A woman carries a sign reading "Science not Silence"

A woman carries a sign reading "Science not Silence" at the March for Science on April 22, 2017.

(Photo: Jeffrey Greenberg/Universal Images Group via Getty Images)

Experts Condemn Biden Admin's Proposed 'Gag Rule' for Federal Scientists

"This restriction on discussing the implications of research has no place in a scientific integrity policy," said one government accountability expert.

Scientists and government oversight watchdogs are expressing alarm over new language in the White House's "scientific integrity" framework, which one group said amounts to a "gag rule" that would harm federal researchers' ability to study issues including the climate emergency and public health threats.

As The Guardianreported Friday, a new draft of the revised Framework for Federal Scientific Integrity Policy and Practice was released by the White House Office of Science and Technology Policy (OSTP) last month, but went largely unreported by the press.

The policy reads:

[Agency] scientists shall refrain from making or publishing statements that could be construed as being judgments of, or recommendations on, [an agency] or any other federal government policy, unless they have secured appropriate prior approval to do so. Such communications shall remain within the bounds of their scientific or technological findings, unless specifically otherwise authorized.

Jeff Ruch, Pacific director of Public Employees for Environmental Responsibility (PEER), said in a statement after the framework was released that the policy is "unconstitutional" and "serves no discernible purpose" other than muzzling federal scientists whose research pertains to issues that the scientific community has criticized President Joe Biden and previous administrations for, such as allowing planet-heating fossil fuel extraction to continue.

"This restriction on discussing the implications of research has no place in a scientific integrity policy," said Ruch in a statement late last month. "Typically, it is only scientific research that has policy implications that is at risk of suppression or political manipulation."

"Government scientists should not need to cast a profile in courage to openly discuss the implications of their research," Ruch added.

Dr. Carlos del Rio, an infectious disease professor at Emory University, and Dr. Angela Rasmussen, a virologist at the Center for Global Health Science and Security at Georgetown University, both noted that the policy could discourage scientists from working at federal agencies.

"Science is a method that inherently depends on transparency: reproducibility, open disclosure of data, peer review, etc." said Rasmussen. "Preventing scientists from discussing their findings—including implications for policy—hinders them from effectively doing their job... OSTP must reconsider this rule immediately."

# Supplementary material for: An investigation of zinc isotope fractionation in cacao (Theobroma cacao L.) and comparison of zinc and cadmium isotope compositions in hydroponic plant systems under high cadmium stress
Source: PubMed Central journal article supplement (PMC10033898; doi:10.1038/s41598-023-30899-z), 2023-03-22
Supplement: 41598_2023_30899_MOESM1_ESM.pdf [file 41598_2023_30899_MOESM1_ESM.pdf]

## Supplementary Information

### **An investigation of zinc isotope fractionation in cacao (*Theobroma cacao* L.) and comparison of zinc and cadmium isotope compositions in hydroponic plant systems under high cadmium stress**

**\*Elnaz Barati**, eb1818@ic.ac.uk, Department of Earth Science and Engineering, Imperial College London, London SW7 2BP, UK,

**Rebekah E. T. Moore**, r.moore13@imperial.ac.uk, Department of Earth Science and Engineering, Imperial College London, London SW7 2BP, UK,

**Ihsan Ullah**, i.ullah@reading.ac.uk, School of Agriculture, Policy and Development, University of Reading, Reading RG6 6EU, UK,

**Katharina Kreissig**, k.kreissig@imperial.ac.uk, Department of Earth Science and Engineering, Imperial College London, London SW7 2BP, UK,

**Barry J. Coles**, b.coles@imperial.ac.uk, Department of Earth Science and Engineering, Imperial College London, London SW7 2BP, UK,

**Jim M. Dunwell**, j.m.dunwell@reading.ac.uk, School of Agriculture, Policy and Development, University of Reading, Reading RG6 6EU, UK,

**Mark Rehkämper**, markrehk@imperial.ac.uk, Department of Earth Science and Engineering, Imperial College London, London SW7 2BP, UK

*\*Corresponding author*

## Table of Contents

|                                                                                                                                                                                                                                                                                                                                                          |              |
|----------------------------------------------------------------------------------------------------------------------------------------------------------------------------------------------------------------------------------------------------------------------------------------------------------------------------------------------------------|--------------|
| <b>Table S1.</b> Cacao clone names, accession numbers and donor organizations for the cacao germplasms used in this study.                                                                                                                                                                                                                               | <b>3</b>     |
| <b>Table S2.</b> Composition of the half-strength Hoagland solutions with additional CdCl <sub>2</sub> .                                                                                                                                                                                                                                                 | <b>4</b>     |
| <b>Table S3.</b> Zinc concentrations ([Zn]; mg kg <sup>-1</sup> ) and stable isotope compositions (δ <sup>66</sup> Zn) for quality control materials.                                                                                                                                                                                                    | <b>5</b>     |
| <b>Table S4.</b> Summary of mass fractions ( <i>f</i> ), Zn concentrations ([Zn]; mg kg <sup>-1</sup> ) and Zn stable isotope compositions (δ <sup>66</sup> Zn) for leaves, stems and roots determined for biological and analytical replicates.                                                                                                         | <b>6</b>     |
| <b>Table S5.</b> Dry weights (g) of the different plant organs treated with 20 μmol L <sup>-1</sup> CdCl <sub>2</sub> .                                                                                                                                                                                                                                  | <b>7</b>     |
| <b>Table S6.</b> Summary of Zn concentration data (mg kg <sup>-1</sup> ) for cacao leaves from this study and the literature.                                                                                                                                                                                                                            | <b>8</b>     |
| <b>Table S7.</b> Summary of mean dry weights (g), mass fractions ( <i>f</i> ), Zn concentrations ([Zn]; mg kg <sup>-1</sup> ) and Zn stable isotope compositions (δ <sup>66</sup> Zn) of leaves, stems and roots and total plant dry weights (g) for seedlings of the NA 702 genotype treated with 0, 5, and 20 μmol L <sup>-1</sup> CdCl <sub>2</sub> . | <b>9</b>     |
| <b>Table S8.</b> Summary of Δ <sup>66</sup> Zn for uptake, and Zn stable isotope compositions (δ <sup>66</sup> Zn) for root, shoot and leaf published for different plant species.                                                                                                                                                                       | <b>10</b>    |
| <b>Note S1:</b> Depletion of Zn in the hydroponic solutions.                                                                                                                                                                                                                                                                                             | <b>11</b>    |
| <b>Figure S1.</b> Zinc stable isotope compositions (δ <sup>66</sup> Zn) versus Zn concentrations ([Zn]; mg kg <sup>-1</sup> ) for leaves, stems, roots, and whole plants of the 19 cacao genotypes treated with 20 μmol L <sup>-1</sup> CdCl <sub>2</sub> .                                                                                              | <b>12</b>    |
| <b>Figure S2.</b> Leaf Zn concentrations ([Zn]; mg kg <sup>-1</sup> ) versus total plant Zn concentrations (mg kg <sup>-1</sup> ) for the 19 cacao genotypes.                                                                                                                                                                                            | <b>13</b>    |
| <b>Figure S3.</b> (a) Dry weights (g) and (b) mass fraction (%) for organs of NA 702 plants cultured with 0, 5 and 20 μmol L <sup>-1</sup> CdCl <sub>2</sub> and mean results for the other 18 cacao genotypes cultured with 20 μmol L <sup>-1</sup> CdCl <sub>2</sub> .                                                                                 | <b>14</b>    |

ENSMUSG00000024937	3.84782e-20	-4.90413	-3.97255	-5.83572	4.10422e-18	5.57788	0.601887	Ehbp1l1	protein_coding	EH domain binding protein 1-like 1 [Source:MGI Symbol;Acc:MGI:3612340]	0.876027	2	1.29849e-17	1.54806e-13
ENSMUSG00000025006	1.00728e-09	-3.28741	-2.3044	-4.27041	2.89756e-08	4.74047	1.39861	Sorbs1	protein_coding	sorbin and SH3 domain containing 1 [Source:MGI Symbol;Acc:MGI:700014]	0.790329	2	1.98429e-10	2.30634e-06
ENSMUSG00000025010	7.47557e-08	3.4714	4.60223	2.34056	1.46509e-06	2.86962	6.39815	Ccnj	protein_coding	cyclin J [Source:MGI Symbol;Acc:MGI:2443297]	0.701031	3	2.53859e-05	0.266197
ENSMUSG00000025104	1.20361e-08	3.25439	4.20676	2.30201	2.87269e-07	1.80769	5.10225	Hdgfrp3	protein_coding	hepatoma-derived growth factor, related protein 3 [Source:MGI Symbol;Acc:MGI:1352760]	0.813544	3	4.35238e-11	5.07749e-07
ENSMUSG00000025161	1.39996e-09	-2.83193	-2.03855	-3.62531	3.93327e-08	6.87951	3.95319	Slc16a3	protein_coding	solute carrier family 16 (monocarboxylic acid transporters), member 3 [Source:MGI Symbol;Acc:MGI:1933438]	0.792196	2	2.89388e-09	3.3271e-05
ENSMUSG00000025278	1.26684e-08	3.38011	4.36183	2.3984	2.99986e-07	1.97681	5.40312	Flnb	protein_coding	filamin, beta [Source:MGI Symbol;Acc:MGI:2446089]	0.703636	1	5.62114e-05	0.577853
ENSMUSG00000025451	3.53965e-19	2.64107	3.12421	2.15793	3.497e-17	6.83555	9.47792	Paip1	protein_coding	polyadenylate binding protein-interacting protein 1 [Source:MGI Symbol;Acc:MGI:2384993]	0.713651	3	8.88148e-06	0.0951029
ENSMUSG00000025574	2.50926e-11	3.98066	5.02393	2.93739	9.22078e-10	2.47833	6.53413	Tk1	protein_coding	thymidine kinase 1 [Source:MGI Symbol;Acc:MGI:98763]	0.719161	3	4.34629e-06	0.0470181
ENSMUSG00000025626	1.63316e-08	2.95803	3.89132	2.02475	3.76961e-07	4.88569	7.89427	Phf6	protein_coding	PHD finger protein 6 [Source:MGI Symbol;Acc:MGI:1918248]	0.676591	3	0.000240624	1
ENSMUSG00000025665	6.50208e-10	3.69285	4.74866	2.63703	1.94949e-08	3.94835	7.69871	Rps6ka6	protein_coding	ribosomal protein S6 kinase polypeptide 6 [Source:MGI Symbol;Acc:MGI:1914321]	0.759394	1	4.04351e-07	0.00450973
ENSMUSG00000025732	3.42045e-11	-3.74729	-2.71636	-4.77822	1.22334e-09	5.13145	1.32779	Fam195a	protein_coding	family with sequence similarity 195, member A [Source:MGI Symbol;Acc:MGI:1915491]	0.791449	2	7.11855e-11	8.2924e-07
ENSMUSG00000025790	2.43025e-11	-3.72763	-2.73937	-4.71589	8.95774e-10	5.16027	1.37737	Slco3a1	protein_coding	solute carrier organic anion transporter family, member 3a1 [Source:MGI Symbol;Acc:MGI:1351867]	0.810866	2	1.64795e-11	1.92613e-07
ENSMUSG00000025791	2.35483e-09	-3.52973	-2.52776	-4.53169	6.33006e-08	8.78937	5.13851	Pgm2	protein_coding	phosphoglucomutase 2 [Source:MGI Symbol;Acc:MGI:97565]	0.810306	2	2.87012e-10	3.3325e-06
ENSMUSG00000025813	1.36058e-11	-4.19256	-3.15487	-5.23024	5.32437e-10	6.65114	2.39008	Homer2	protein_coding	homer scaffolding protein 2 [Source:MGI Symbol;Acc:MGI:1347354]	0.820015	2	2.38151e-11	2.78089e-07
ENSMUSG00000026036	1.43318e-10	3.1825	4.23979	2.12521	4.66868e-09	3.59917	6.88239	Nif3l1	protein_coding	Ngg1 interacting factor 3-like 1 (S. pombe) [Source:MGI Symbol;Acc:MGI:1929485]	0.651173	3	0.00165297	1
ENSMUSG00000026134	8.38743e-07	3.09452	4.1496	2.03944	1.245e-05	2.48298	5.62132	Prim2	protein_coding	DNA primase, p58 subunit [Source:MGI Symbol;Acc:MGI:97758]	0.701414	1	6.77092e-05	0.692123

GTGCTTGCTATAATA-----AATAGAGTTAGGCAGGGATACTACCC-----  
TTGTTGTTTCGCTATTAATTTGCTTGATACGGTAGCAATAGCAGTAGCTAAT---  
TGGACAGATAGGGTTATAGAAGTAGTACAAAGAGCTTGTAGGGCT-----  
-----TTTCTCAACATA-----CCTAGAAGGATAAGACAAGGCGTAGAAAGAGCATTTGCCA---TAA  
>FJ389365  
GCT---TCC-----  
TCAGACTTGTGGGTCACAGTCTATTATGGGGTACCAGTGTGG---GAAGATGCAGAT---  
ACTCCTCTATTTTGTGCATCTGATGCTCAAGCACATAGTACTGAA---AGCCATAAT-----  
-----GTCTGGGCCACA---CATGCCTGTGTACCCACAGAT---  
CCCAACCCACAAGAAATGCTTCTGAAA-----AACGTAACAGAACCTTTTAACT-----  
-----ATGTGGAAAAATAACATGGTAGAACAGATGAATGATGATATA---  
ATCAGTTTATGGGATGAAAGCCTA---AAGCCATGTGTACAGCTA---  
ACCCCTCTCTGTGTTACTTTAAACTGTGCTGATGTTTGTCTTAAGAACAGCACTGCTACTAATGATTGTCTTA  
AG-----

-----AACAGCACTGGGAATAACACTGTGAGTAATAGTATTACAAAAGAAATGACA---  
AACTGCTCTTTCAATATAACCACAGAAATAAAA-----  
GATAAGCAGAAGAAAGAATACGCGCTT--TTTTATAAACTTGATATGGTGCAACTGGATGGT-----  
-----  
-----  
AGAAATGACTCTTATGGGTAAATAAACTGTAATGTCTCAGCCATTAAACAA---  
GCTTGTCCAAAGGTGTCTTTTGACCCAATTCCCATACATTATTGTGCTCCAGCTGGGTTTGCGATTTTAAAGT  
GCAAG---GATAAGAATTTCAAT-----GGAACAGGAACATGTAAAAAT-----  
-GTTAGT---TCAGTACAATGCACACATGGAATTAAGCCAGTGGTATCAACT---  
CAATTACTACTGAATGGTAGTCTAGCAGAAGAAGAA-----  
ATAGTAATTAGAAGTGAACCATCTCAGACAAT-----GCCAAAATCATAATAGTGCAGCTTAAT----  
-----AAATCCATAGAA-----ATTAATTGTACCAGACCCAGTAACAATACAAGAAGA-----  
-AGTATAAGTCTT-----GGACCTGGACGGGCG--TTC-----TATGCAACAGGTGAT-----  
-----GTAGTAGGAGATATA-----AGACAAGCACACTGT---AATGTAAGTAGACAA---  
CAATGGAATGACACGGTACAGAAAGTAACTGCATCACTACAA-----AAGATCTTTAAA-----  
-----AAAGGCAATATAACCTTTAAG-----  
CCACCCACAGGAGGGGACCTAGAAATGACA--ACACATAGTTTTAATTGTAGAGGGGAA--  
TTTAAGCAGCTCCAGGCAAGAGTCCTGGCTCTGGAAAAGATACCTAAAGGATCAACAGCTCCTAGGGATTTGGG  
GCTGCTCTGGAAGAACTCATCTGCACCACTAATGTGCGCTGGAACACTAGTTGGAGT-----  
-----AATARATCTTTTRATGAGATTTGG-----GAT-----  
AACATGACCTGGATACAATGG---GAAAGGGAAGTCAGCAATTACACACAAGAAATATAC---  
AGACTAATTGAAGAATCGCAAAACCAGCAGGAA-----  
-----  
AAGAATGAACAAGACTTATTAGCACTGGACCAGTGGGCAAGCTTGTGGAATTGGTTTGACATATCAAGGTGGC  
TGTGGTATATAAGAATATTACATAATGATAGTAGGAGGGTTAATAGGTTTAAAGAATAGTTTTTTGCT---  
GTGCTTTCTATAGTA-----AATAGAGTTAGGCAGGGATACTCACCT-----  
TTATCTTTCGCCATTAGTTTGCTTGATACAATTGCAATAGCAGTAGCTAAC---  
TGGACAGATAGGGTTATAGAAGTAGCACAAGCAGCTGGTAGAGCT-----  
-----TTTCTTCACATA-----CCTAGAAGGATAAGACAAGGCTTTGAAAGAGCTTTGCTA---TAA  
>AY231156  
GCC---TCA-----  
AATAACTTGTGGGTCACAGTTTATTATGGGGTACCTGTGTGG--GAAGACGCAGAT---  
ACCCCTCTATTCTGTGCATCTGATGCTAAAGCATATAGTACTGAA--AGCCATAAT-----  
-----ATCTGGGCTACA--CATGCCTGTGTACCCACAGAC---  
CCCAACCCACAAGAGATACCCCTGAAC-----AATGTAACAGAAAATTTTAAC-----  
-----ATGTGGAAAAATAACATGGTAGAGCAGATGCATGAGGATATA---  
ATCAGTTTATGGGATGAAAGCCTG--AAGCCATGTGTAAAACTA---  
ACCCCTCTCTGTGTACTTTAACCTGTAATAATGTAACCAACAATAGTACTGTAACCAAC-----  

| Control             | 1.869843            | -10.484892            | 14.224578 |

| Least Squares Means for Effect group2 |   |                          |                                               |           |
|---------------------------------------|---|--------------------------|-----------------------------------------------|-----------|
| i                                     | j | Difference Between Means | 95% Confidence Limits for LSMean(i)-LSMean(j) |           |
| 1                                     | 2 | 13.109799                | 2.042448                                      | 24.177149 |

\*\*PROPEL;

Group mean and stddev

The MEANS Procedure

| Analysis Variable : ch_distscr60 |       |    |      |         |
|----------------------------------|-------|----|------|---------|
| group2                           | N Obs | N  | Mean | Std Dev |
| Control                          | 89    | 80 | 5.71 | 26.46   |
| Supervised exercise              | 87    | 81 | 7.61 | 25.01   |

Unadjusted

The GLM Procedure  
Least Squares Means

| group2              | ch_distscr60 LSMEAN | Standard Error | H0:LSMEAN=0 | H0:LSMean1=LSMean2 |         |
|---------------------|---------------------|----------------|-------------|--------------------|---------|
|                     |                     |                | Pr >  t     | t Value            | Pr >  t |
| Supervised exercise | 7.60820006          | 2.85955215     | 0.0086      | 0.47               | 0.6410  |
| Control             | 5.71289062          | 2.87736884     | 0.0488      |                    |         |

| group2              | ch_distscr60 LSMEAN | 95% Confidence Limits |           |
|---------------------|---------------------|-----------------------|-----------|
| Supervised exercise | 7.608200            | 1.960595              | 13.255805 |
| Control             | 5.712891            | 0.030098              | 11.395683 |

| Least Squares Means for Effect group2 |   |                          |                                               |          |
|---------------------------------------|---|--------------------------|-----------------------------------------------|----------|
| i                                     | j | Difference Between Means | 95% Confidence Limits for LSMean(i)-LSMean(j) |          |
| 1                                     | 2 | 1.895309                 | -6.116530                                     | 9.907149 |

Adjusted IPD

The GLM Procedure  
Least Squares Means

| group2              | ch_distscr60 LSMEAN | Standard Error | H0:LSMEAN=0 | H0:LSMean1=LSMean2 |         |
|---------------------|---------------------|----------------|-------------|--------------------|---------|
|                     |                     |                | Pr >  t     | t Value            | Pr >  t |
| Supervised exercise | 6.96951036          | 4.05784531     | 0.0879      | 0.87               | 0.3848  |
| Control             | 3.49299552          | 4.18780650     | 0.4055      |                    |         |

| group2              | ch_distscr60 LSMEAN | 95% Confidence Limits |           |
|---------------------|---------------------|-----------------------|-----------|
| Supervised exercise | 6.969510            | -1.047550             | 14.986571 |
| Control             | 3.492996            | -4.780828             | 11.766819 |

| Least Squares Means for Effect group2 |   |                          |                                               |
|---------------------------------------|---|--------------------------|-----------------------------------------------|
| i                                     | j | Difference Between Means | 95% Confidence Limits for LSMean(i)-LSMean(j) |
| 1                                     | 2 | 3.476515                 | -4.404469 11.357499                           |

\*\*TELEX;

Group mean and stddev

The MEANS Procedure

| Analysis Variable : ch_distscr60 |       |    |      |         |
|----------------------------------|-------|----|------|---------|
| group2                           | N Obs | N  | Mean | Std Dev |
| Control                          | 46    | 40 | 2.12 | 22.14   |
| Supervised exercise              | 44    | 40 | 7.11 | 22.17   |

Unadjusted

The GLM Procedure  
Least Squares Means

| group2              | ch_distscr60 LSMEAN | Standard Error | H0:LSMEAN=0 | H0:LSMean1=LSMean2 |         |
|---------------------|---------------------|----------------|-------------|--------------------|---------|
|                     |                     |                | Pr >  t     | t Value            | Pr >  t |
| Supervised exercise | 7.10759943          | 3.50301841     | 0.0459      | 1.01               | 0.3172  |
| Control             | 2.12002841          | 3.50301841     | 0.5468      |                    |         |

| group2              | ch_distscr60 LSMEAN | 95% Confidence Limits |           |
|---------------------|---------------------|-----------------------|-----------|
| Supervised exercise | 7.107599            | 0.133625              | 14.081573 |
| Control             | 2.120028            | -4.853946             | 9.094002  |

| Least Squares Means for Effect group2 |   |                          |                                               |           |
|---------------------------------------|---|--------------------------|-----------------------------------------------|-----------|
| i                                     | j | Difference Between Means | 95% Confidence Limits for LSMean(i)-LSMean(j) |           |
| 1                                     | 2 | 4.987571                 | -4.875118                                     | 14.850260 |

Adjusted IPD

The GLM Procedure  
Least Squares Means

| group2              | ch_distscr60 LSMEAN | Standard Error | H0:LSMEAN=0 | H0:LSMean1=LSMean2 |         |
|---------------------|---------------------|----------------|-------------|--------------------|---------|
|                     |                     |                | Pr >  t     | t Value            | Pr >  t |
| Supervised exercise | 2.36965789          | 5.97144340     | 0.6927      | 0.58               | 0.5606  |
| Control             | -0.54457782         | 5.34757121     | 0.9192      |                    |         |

Calling on the OSTP to rescind the policy, Ruch late last month outlined a number of scenarios in which the rule "could be used to threaten scientists or stifle controversial research across a wide range of topics," including:

  • U.S. Environmental Protection Agency (EPA) research showing that per- and polyfluoroalkyl substances, also known as PFAS or "forever chemicals" are migrating off of military bases due to inadequate controls could be construed as criticism of Pentagon environmental policies or of EPA enforcement oversight at military facilities;
  • Centers for Disease Control and prevention research showing that dangerous viruses and other pathogens are at risk of release from federal wildlife research laboratories could be construed as criticism of weak biosafety policies;
  • U.S. Geological Survey (USGS) research showing that water degradation is caused by overgrazing resulting from Bureau of Land Management permits on its livestock allotments could be construed as criticism of the bureau for lax permit and health standards; and
  • USGS research showing that fish mutations can be traced to rising levels of unregulated emerging chemicals in our waterways could be construed as a judgment on EPA's weak approach on endocrine disrupters.

The U.S. Department of Agriculture (USDA) had a similar policy in place during the Obama administration. As The Guardian reported Friday, a USDA entomologist who was part of a 2014 study on protecting biodiversity among insects was barred from speaking at a conference about the issue.

"Citing the rule, the USDA's political leadership, then under Tom Vilsack, an Obama appointee, ordered Lundgren to remove his name from the study," the newspaper reported.

In addition to the new "gag rule," PEER said, the White House neglected to include in the revised framework procedures that would protect career scientists for "retaliation for presenting findings that may conflict with an administration's agenda."

"In the past, agencies could suppress unwelcome scientific research and blackball the researcher because there was no rule against it," said Paula Dinerstein, general counsel for PEER. "The White House has the opportunity to create enforceable safeguards for scientific integrity but appears to be blowing it again."

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